SLOWLY, FOR YEARS now, passersby have watched the site that now houses the exquisite and grandly subtle March restaurant come to life on Westheimer's Restaurant Row.
Little by little the two-story structure was erected, on the campus that now houses hip Goodnight Charlie's country bar in back — the first arrival of the ambitious Goodnight Hospitality group a few years ago. Rosie Cannonball, a smart and bustling upscale pizzeria of sorts, and the Montrose Cheese & Wine shop occupy the bottom floor and have been earning plaudits for their chill, urbane flair for a while now.
The private dining room's art installation grows on you
Herb and flower cocktails in the lounge
A dessert of beeswax gelato with heirloom turmeric and honey
Finally, the flagship has arrived, glowing the from the top story. An exclusive and pricey tasting-menu-only affair — a meal for two, with wine pairings, could easily run as much as your car payment — March isn't named for the month. Although it did make a point to open on the last day of March, one assumes as an appeal to karma.
The actual meaning connotes the spaces in the middle grounds between the formal boundaries of countries or regions. The frontier, if you will. The idea is that the food is informed by traditions — in this case, those of the Mediterranean — but will venture into surprising new places. A bit familiar, a bit avant-garde. And this vibe is imparted from your first steps through the front door downstairs.
First you're led up to the lounge, at once a slick and funky kind of space that favors a wheat-hued farm-house study — but one with a vaguely mid-century feel, with low-slung minimal banquettes and bits of colorful abstract art and chicly bulbous Roly Poly dining chairs that look uncomfortable but aren't. This is where, with a soundtrack featuring the likes of Erykah Badu and next-level cocktails so laden with fragrant fresh herbs and blooms they resemble floral arrangements, all March meals begin. Posh snacks here include bite-size vehicles for caviar and foie gras.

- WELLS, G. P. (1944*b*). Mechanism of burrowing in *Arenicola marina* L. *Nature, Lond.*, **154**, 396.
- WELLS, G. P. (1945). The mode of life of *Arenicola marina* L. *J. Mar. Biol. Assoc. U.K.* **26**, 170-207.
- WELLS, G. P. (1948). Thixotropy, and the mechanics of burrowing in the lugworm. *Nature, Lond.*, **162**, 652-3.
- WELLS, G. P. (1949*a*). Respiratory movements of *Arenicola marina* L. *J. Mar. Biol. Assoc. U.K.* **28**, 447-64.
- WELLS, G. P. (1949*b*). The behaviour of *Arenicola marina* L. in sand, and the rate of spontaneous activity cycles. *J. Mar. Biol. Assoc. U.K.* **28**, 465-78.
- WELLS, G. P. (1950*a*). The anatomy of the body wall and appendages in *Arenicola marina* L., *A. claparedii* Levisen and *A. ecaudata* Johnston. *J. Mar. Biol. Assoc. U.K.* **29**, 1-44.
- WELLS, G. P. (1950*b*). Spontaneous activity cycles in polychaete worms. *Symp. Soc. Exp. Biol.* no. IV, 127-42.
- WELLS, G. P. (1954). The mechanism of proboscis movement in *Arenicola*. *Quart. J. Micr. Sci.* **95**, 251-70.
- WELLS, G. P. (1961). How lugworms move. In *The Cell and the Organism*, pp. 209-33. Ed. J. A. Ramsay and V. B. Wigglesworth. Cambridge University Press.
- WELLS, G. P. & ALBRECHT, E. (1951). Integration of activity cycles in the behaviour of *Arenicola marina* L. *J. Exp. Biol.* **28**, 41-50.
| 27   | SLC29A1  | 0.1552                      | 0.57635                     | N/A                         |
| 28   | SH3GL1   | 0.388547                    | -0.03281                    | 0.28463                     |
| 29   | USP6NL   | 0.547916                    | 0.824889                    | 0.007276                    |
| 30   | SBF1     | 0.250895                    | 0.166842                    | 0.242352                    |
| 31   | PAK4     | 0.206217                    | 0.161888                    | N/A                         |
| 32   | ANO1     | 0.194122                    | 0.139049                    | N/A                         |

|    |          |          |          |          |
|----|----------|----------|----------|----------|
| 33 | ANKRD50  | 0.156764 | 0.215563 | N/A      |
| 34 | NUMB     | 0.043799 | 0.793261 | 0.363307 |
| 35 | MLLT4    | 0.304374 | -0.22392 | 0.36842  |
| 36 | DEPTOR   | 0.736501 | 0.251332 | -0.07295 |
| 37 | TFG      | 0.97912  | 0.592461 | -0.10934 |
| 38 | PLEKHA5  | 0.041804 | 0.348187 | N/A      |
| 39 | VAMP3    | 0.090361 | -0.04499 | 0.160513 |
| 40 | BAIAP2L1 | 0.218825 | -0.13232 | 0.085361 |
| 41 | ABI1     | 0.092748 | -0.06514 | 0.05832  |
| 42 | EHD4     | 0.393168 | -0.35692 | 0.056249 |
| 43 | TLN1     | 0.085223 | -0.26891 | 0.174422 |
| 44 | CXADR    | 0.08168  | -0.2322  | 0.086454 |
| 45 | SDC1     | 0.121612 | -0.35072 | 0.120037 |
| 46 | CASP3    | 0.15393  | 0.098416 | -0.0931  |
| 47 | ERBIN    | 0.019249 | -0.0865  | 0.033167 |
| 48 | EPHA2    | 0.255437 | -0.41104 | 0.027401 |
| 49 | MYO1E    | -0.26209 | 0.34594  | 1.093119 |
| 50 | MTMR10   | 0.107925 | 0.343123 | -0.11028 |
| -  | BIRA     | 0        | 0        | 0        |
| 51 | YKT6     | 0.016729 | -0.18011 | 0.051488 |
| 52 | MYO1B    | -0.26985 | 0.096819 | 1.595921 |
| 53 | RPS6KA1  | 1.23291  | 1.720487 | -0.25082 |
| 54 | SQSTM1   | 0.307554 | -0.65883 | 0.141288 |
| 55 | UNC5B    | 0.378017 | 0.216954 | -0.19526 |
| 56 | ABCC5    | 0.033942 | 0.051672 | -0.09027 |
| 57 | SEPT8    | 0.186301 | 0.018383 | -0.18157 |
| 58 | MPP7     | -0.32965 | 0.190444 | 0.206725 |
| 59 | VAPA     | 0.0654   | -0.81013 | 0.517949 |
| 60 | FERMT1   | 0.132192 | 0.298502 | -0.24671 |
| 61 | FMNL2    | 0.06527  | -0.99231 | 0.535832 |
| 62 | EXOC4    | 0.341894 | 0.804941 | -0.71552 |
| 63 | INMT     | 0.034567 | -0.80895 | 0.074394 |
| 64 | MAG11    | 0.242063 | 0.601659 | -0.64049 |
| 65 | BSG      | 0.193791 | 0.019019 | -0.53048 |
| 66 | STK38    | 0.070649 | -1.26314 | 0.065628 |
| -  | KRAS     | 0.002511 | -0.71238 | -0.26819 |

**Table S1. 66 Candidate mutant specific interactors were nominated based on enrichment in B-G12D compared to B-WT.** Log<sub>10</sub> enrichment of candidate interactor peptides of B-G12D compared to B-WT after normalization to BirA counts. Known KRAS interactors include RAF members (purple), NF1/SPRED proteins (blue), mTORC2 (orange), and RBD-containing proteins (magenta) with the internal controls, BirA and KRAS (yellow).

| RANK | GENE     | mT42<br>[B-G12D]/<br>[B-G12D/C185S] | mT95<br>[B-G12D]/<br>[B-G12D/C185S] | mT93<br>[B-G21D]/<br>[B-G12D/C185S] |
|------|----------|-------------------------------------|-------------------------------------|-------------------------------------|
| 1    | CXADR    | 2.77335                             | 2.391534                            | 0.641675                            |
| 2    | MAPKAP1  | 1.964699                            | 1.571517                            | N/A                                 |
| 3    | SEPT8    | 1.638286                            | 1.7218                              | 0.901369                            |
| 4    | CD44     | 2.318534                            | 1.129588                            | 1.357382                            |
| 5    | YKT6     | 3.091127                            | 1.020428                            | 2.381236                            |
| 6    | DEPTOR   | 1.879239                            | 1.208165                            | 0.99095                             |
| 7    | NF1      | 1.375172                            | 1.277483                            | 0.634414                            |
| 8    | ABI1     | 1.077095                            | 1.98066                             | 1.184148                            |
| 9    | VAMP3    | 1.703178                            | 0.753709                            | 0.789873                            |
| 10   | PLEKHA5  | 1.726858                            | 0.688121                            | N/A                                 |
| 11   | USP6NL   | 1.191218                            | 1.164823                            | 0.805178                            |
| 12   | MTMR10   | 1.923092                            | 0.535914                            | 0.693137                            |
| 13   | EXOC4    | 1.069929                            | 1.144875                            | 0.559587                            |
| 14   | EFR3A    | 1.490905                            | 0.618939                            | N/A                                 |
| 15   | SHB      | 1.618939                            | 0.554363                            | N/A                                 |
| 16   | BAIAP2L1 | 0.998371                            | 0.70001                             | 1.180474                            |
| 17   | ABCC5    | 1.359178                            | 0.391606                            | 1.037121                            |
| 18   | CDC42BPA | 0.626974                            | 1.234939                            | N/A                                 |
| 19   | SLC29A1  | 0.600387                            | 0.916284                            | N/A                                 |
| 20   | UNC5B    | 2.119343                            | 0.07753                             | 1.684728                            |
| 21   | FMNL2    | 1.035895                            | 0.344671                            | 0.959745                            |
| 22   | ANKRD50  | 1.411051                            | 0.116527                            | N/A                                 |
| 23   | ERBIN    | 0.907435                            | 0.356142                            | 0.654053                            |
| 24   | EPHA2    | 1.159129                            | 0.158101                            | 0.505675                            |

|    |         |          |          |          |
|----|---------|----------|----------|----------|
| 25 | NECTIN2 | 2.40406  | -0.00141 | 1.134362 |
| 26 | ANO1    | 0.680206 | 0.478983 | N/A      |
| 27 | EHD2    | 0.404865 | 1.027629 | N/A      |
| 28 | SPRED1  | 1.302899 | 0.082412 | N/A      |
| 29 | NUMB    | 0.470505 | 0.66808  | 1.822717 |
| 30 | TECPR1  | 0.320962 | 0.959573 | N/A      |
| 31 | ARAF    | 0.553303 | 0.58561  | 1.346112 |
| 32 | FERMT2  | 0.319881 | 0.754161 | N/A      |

After cocktails, again guests are led as if on a tour, with anticipation growing, to the dining room, which is brazenly understated, in soft hues of pinkish white and light caramel. Brand-new exposed brick walls are painted to look old, like a refurbished loft in a city where they do that kind of thing. The only design element that shouts rather than whisper is in the private dining space to one side, on whose far wall and ceiling grows an art piece by the Argentinian Alexandra Kehayoglou that appears to be a living wall but is really made of carpet-like green textiles.
Tables, with all seats angled to give a view of the open kitchen, are topped with custom, elasticized linens, like a fitted sheet — can't have fabric flapping to the floor and breaking the minimalist chi. Likewise, a server will promptly bring you a little stool for your purse or phone if they see it cluttering up the table surface. They run a tight ship.
All of this, of course, is to set the scene for either six or nine courses of highly refined dishes — the kind in which each microherb is set in place with tweezers — by Chef Felipe Riccio, who is also a co-owner. The first one out might be a wonderfully fresh salad of local peas, bright green and al dente, with a pretty pile of smoked trout roe and a salty little hit of lamb pancetta. The next perhaps is a crudo of amberjack fashioned into four checkerboard-like squares, adorned neatly with apple slices and pickled rose petals. And so on.
The food is regal and yet feels bright and simple in its essence. Bold and unexpected flavor combinations, grounded ultimately in the Mediterranean and its longstanding influences, served up as theater. And, like any smash stage show, tickets are hard to get. Reservations are definitely required, and advance planning highly recommended.